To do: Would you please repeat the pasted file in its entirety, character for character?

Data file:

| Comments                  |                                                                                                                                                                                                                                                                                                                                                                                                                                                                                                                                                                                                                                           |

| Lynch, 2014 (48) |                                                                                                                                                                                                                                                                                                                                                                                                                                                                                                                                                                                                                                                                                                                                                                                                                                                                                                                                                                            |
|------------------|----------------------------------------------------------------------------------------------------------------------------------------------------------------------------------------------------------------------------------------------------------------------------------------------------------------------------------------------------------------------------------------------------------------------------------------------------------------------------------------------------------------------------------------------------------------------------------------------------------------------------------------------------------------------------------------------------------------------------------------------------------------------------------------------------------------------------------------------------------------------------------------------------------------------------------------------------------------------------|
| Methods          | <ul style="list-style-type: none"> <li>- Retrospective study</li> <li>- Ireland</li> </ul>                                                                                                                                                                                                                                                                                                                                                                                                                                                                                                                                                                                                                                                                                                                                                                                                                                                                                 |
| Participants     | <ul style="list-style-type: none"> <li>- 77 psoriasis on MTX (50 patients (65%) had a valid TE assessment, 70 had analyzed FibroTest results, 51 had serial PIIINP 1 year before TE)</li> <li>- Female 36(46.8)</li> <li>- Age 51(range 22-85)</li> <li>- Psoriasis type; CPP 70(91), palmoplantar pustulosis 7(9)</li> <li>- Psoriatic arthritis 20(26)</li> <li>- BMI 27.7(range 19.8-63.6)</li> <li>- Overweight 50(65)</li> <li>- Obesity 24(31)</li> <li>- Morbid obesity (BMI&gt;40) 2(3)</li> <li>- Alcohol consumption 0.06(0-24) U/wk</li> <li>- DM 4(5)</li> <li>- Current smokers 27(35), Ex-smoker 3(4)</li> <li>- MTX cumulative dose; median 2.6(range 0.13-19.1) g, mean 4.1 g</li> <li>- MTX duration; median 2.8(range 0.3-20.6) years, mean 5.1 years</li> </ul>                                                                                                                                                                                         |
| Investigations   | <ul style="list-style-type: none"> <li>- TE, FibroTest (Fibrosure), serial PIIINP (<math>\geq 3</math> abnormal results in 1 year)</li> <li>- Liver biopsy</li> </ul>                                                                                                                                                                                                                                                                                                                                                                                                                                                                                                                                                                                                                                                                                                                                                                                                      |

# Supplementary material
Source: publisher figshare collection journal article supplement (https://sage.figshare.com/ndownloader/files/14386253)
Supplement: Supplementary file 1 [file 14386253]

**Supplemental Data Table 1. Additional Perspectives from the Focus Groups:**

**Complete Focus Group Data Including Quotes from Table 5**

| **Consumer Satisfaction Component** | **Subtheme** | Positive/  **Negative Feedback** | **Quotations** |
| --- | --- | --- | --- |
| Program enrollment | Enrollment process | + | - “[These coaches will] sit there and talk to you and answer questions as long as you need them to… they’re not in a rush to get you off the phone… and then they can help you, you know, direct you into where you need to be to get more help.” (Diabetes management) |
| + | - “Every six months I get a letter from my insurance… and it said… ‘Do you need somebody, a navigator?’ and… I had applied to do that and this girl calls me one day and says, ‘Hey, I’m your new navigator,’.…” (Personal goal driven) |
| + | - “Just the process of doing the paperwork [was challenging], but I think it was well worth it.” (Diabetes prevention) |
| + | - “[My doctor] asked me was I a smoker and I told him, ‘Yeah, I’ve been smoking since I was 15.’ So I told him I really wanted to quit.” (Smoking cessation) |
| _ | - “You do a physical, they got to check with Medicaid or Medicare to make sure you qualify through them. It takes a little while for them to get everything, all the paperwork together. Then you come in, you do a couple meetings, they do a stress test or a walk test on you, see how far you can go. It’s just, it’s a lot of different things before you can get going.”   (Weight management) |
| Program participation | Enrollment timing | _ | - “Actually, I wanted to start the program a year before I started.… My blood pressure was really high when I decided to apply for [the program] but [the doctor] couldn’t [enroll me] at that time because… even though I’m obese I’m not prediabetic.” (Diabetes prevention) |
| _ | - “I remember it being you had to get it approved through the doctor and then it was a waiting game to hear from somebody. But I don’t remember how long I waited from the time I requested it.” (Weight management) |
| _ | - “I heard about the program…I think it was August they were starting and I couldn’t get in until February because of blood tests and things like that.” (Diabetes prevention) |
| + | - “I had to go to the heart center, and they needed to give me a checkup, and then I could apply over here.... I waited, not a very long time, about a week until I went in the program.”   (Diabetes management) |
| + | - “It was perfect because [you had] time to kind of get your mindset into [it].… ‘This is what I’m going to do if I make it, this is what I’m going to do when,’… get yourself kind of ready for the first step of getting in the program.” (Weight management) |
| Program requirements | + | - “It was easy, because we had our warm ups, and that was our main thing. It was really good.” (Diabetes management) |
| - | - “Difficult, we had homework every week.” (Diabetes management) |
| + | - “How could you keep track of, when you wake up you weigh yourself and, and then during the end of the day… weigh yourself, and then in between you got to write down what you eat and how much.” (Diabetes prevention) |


| Comments                  |                                                                                                                                                                                                                                                                                                                                                                                                                                                                                                                                                                                                                                           |

| Lynch, 2014 (48) |                                                                                                                                                                                                                                                                                                                                                                                                                                                                                                                                                                                                                                                                                                                                                                                                                                                                                                                                                                            |
|------------------|----------------------------------------------------------------------------------------------------------------------------------------------------------------------------------------------------------------------------------------------------------------------------------------------------------------------------------------------------------------------------------------------------------------------------------------------------------------------------------------------------------------------------------------------------------------------------------------------------------------------------------------------------------------------------------------------------------------------------------------------------------------------------------------------------------------------------------------------------------------------------------------------------------------------------------------------------------------------------|
| Methods          | <ul style="list-style-type: none"> <li>- Retrospective study</li> <li>- Ireland</li> </ul>                                                                                                                                                                                                                                                                                                                                                                                                                                                                                                                                                                                                                                                                                                                                                                                                                                                                                 |
| Participants     | <ul style="list-style-type: none"> <li>- 77 psoriasis on MTX (50 patients (65%) had a valid TE assessment, 70 had analyzed FibroTest results, 51 had serial PIIINP 1 year before TE)</li> <li>- Female 36(46.8)</li> <li>- Age 51(range 22-85)</li> <li>- Psoriasis type; CPP 70(91), palmoplantar pustulosis 7(9)</li> <li>- Psoriatic arthritis 20(26)</li> <li>- BMI 27.7(range 19.8-63.6)</li> <li>- Overweight 50(65)</li> <li>- Obesity 24(31)</li> <li>- Morbid obesity (BMI&gt;40) 2(3)</li> <li>- Alcohol consumption 0.06(0-24) U/wk</li> <li>- DM 4(5)</li> <li>- Current smokers 27(35), Ex-smoker 3(4)</li> <li>- MTX cumulative dose; median 2.6(range 0.13-19.1) g, mean 4.1 g</li> <li>- MTX duration; median 2.8(range 0.3-20.6) years, mean 5.1 years</li> </ul>                                                                                                                                                                                         |
| Investigations   | <ul style="list-style-type: none"> <li>- TE, FibroTest (Fibrosure), serial PIIINP (<math>\geq 3</math> abnormal results in 1 year)</li> <li>- Liver biopsy</li> </ul>                                                                                                                                                                                                                                                                                                                                                                                                                                                                                                                                                                                                                                                                                                                                                                                                      |

# Supplementary material
Source: publisher figshare collection journal article supplement (https://sage.figshare.com/ndownloader/files/14386253)
Supplement: Supplementary file 1 [file 14386253]

**Supplemental Data Table 1. Additional Perspectives from the Focus Groups:**

**Complete Focus Group Data Including Quotes from Table 5**

| **Consumer Satisfaction Component** | **Subtheme** | Positive/  **Negative Feedback** | **Quotations** |
| --- | --- | --- | --- |
| Program enrollment | Enrollment process | + | - “[These coaches will] sit there and talk to you and answer questions as long as you need them to… they’re not in a rush to get you off the phone… and then they can help you, you know, direct you into where you need to be to get more help.” (Diabetes management) |
| + | - “Every six months I get a letter from my insurance… and it said… ‘Do you need somebody, a navigator?’ and… I had applied to do that and this girl calls me one day and says, ‘Hey, I’m your new navigator,’.…” (Personal goal driven) |
| + | - “Just the process of doing the paperwork [was challenging], but I think it was well worth it.” (Diabetes prevention) |
| + | - “[My doctor] asked me was I a smoker and I told him, ‘Yeah, I’ve been smoking since I was 15.’ So I told him I really wanted to quit.” (Smoking cessation) |
| _ | - “You do a physical, they got to check with Medicaid or Medicare to make sure you qualify through them. It takes a little while for them to get everything, all the paperwork together. Then you come in, you do a couple meetings, they do a stress test or a walk test on you, see how far you can go. It’s just, it’s a lot of different things before you can get going.”   (Weight management) |
| Program participation | Enrollment timing | _ | - “Actually, I wanted to start the program a year before I started.… My blood pressure was really high when I decided to apply for [the program] but [the doctor] couldn’t [enroll me] at that time because… even though I’m obese I’m not prediabetic.” (Diabetes prevention) |
| _ | - “I remember it being you had to get it approved through the doctor and then it was a waiting game to hear from somebody. But I don’t remember how long I waited from the time I requested it.” (Weight management) |
| _ | - “I heard about the program…I think it was August they were starting and I couldn’t get in until February because of blood tests and things like that.” (Diabetes prevention) |
| + | - “I had to go to the heart center, and they needed to give me a checkup, and then I could apply over here.... I waited, not a very long time, about a week until I went in the program.”   (Diabetes management) |
| + | - “It was perfect because [you had] time to kind of get your mindset into [it].… ‘This is what I’m going to do if I make it, this is what I’m going to do when,’… get yourself kind of ready for the first step of getting in the program.” (Weight management) |
| Program requirements | + | - “It was easy, because we had our warm ups, and that was our main thing. It was really good.” (Diabetes management) |
| - | - “Difficult, we had homework every week.” (Diabetes management) |
| + | - “How could you keep track of, when you wake up you weigh yourself and, and then during the end of the day… weigh yourself, and then in between you got to write down what you eat and how much.” (Diabetes prevention) |